Published June 2021
Controlled-release (CRF) and slow-release (SRF) fertilizers belong to the larger group of enhanced-efficiency fertilizers, which also include nitrogen stabilizers, nitrification inhibitors, urease inhibitors, and stabilized fertilizers. Controlledrelease fertilizers are generally coated products. Slow-release fertilizers are noncoated products in which the nutrient release is uncontrolled but slow; these are mainly urea-aldehyde reaction products but also include other slowly soluble products such as fertilizer spikes and ion exchange resin fertilizers. Whereas the bulk of the market belongs to the stabilizers and inhibitors categories, CRFs and SRFs are used in much smaller volumes and therefore might be considered specialties.
Although controlled- and slow-release fertilizers have been shown to have efficacy, their use is still relatively limited as they are much more expensive than the commercial fertilizers in the market. For this reason, they are used primarily in niche markets such as golf courses, landscaping, and nurseries and greenhouses. The following pie chart shows consumption of controlled- and slow-release fertilizers by major region; the data exclude consumption in the United States and mainland China for commodity (big-acreage) agriculture:
The global market is expected to grow at about 2.6% per year during the forecast years (excluding commodity agriculture), helped by increases in efficiency, reduced quantities of waste due to runoff, and also by increases in food demand by the growing population, especially among the third-world nations that are shifting to a more protein-based diet and away from traditional carbohydrate-based diets.
Controlled- and slow-release fertilizers have become one of the fastest-growing fertilizers in mainland China in the last five years, fueled by the rapid growth of the Chinese economy and the need to improve fertilizer efficiency, increase crop yield, and reduce the impact of fertilizers on the environment. As a result, mainland China has become the major market for CRFs and SRFs for both the commodity agriculture and agricultural crop markets.
The United States has also been a significant market for CRFs and SRFs. Nonagricultural applications are the leading demand segment in the United States, followed by the rapidly rising agricultural commodity and agricultural crop markets. Smaller volumes of CRFs and SRFs are produced and consumed in Western Europe and Japan, as well as in other regions such as Canada, Central and Eastern Europe, the Middle East, and Africa.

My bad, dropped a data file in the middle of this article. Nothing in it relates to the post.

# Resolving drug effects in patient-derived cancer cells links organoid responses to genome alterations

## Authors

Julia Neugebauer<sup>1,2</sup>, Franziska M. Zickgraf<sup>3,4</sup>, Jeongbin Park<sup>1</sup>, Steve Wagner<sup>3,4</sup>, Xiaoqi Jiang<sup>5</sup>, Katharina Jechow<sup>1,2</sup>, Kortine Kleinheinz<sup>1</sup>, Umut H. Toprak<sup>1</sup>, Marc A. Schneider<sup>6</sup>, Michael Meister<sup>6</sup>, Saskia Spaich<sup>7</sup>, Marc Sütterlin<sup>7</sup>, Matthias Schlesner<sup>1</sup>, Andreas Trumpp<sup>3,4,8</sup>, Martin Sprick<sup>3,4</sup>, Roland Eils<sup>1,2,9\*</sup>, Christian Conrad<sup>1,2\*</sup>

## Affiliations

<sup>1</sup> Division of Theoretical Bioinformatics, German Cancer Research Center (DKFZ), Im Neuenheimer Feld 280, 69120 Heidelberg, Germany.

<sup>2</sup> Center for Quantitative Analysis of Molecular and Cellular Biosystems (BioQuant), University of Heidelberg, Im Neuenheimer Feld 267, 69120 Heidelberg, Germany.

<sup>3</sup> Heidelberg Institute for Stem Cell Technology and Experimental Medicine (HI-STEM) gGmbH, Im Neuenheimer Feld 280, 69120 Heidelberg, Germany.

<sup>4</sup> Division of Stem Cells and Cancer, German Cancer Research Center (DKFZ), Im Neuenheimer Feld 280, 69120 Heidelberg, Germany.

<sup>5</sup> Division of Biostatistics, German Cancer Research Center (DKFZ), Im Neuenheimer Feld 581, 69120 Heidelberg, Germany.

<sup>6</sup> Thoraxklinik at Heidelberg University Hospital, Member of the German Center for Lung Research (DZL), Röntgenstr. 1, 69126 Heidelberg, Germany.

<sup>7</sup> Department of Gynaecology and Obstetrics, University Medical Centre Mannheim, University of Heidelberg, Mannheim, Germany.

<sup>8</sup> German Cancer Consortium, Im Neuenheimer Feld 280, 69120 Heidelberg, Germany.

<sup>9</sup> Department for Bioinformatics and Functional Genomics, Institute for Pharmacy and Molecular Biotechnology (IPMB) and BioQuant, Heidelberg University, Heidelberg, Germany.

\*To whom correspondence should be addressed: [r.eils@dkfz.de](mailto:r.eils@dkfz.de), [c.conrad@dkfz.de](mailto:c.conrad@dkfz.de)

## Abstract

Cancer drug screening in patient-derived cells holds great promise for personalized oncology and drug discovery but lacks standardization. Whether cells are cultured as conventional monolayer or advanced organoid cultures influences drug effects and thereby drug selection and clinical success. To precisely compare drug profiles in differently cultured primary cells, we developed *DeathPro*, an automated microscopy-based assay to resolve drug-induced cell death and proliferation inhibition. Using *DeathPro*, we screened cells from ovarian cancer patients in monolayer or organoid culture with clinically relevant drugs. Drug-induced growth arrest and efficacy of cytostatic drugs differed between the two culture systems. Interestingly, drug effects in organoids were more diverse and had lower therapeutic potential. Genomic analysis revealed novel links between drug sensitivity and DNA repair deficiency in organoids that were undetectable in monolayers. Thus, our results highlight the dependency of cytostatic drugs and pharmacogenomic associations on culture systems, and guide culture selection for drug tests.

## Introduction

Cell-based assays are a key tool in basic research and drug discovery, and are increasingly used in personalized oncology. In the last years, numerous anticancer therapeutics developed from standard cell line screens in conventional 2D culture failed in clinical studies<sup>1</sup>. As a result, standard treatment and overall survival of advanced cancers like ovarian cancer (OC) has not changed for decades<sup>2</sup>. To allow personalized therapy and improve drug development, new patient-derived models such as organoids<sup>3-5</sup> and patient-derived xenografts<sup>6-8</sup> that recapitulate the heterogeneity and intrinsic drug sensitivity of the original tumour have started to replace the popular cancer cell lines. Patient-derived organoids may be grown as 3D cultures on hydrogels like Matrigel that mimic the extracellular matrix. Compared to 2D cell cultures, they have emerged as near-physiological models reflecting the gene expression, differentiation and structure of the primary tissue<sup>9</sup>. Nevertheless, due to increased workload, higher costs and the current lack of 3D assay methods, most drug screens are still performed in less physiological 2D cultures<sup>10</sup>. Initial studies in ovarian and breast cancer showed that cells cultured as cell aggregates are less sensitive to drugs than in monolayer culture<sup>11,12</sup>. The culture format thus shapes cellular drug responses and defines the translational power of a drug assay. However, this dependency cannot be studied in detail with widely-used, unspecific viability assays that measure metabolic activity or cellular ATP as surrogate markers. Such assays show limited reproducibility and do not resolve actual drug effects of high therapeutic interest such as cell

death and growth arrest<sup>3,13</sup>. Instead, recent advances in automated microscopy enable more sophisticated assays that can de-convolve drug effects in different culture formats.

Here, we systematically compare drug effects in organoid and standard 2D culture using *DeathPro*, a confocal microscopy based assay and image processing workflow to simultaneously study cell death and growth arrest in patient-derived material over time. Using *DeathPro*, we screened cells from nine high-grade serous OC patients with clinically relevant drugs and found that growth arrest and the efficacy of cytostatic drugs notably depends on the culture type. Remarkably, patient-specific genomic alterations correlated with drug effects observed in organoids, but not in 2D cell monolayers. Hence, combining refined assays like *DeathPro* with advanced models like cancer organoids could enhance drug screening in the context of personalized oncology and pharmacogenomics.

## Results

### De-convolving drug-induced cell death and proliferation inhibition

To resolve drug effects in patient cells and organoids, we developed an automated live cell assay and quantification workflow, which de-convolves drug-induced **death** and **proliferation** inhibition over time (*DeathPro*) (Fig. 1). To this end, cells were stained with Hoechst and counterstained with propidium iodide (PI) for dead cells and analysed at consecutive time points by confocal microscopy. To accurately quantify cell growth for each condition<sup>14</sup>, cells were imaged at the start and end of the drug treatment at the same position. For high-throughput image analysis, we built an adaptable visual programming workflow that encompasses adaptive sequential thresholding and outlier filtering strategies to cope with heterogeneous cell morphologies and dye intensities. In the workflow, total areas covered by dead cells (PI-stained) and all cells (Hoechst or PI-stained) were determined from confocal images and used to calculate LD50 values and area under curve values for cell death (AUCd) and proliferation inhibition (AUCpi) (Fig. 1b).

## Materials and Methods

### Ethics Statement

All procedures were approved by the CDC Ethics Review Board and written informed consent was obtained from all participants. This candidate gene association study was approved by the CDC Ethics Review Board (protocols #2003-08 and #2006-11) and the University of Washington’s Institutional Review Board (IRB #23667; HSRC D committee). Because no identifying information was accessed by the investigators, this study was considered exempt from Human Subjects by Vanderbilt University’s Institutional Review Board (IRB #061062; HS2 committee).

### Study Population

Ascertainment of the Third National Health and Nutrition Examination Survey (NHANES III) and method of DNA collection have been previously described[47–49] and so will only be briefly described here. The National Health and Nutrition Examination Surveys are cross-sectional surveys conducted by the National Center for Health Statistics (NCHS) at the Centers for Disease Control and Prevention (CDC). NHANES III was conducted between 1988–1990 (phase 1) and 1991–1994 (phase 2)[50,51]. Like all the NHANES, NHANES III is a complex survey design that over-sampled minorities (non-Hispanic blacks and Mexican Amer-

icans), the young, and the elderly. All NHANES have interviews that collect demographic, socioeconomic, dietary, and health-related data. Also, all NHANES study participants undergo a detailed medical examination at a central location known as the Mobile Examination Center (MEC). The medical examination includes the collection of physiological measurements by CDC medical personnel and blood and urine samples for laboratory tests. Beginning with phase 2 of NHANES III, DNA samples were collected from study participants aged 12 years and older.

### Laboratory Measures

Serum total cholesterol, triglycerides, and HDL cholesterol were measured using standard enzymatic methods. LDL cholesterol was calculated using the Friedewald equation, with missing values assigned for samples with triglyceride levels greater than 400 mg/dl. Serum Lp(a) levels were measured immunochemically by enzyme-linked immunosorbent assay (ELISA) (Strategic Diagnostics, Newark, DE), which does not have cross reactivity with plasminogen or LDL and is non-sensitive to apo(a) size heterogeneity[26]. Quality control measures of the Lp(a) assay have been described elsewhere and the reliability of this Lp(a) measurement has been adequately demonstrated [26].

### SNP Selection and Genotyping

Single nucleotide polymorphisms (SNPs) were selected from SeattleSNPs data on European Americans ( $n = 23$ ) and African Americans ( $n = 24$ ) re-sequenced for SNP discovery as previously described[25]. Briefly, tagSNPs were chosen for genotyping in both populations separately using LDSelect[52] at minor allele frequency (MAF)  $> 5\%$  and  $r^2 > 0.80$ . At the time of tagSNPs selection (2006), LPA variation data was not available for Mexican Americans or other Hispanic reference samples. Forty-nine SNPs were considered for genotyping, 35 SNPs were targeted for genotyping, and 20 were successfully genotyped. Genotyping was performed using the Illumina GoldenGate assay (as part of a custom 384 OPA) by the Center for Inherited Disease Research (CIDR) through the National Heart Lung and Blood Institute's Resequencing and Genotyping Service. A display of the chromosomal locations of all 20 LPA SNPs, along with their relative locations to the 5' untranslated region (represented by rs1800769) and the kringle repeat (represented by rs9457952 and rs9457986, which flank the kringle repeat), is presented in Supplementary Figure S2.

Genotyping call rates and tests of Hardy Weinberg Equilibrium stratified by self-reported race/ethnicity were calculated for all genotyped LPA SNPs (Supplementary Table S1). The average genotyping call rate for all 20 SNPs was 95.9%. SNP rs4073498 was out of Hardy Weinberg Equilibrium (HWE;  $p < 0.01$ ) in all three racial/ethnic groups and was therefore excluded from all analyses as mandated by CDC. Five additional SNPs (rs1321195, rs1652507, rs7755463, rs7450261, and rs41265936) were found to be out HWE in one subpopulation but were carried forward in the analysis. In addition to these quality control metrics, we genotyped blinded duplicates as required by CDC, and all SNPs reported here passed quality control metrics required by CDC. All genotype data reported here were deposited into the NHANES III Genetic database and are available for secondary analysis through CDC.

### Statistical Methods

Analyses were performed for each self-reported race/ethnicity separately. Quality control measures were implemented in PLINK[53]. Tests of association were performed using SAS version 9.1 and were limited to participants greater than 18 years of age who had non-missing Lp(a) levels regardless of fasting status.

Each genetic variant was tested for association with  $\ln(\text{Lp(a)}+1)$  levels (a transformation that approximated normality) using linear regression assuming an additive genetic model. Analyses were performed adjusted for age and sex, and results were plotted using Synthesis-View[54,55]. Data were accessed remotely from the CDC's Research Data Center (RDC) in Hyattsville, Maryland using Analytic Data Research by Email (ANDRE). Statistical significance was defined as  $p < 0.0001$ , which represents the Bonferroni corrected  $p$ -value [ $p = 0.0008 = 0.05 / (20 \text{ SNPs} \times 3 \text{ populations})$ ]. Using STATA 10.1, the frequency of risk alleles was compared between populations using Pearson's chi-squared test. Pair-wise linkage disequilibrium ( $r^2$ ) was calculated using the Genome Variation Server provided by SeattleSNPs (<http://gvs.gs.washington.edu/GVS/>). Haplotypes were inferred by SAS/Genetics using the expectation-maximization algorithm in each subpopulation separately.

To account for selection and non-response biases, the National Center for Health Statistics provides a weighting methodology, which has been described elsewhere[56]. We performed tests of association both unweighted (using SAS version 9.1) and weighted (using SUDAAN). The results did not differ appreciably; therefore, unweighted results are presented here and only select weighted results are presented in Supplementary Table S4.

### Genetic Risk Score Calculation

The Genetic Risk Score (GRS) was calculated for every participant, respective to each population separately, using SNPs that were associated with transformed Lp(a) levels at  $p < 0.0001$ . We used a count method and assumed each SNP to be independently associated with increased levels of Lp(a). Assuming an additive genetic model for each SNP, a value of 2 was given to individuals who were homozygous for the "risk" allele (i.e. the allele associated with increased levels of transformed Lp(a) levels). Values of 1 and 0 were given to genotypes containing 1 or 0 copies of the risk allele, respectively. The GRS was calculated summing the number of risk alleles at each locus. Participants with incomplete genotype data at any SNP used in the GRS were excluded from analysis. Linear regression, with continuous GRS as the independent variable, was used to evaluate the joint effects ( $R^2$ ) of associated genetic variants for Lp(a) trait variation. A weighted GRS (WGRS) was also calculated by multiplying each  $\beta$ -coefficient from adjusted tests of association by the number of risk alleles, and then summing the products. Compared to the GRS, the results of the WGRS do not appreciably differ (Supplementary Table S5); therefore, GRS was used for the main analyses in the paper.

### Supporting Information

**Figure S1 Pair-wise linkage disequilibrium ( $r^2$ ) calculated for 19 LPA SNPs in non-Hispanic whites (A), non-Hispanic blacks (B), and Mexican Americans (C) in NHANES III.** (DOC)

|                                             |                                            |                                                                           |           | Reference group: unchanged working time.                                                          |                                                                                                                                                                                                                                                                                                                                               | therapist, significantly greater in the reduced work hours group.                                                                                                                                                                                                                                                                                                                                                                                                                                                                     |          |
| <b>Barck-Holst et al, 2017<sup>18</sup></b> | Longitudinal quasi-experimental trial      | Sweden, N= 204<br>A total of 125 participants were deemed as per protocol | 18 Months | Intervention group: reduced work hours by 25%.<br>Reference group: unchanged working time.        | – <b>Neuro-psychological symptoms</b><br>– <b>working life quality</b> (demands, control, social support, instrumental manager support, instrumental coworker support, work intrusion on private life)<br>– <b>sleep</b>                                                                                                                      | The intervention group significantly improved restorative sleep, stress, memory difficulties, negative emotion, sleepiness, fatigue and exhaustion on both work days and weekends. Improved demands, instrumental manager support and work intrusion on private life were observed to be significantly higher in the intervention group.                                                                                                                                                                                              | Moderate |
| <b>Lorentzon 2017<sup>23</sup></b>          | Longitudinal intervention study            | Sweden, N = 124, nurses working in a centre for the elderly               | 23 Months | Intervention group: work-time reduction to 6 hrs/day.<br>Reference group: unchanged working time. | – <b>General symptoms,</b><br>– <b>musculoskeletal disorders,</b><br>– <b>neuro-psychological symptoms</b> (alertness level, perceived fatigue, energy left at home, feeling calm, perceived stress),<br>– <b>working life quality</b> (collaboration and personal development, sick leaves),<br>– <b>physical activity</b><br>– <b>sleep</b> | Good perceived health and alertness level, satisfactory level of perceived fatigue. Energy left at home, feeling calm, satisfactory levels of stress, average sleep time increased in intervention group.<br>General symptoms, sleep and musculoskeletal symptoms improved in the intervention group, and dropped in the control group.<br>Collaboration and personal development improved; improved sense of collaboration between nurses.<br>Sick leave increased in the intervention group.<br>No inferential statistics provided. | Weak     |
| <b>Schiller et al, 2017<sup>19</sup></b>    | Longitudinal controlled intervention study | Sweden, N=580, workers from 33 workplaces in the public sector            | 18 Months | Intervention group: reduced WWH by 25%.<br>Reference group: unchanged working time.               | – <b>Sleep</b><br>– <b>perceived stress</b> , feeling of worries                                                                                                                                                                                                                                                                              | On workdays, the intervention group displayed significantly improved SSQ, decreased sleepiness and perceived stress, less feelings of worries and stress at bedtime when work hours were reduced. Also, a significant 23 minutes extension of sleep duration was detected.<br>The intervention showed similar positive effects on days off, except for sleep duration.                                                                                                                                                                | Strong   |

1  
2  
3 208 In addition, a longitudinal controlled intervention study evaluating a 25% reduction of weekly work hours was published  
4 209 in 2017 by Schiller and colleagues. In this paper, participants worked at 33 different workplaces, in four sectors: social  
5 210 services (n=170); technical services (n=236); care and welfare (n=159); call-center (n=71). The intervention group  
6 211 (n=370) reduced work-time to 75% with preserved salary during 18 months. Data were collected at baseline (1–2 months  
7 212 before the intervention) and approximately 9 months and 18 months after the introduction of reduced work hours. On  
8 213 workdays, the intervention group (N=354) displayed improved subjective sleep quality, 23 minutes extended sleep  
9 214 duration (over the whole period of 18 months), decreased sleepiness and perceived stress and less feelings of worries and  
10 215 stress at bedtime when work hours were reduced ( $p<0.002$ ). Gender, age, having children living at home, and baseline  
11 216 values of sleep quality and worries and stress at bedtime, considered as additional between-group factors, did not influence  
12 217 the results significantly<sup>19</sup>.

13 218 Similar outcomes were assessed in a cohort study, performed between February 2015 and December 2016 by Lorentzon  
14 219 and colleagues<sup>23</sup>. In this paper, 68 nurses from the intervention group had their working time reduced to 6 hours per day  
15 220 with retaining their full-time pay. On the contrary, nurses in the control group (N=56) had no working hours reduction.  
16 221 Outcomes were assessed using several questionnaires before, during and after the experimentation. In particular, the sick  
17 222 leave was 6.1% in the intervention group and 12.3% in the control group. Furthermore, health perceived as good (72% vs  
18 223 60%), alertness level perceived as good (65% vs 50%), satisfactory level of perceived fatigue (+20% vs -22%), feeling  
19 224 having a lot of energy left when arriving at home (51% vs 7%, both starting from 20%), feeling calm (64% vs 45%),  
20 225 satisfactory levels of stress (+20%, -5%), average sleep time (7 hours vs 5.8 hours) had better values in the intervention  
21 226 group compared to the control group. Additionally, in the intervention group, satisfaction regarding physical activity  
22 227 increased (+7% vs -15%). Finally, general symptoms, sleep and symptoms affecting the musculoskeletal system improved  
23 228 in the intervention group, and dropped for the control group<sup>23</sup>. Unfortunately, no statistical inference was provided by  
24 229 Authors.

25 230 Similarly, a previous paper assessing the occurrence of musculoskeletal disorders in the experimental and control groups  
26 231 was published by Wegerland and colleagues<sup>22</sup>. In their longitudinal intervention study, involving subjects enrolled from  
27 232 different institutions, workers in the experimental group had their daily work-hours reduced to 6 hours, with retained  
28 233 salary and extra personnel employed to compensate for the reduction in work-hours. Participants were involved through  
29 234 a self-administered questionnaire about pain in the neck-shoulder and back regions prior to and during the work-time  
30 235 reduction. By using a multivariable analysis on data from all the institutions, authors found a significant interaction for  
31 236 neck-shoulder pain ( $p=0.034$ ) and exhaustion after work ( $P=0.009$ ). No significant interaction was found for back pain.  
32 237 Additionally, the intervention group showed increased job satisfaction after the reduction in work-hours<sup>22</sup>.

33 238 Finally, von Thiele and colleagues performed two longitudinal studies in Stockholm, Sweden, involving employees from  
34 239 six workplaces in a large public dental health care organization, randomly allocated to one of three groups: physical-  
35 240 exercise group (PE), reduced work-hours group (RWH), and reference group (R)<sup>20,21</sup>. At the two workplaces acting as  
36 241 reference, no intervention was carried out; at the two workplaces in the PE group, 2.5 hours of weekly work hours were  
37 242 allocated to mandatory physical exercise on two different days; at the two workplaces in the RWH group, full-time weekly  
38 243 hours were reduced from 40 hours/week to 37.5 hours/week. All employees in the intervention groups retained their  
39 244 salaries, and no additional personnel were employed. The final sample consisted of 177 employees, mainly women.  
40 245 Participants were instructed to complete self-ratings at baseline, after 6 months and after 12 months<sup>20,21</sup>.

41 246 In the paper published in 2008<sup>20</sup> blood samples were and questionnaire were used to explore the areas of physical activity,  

CRFs and SRFs are an efficient alternative to conventional fertilizers because of their environmentally friendly, resourcesaving, and labor-saving characteristics. However, because of their high price relative to conventional fertilizers, their use is still limited primarily to ornamental, horticultural, and turf applications. As larger production scales of these materials are achieved, the costs will continue to decline from current values, making them more attractive for commodity/openfield/ broad-acre crops such as corn, wheat, and potatoes. Another factor that will drive CRF and SRF demand is the regulations and penalties that encourage growers to minimize fertilizer runoff in water streams.
The trend toward increasing use of coated controlled-release fertilizers is expected to continue. Coated fertilizers, particularly polymer-coated products, have been the fastest-growing segment of the CRF and SRF market, and will continue to grow at a faster rate than other CRF and SRF types. The advent of less-expensive polymer coating technology has led to increased consumption of CRFs in commodity (big-acreage) agriculture, especially in North America (the United States and Canada) and mainland China. Overall global demand for CRFs and SRFs will continue to increase for all applications, including horticultural and turf and agricultural crop applications, and commodity (big-acreage) agricultural applications in North America and mainland China.
For more detailed information, see the table of contents, shown below.
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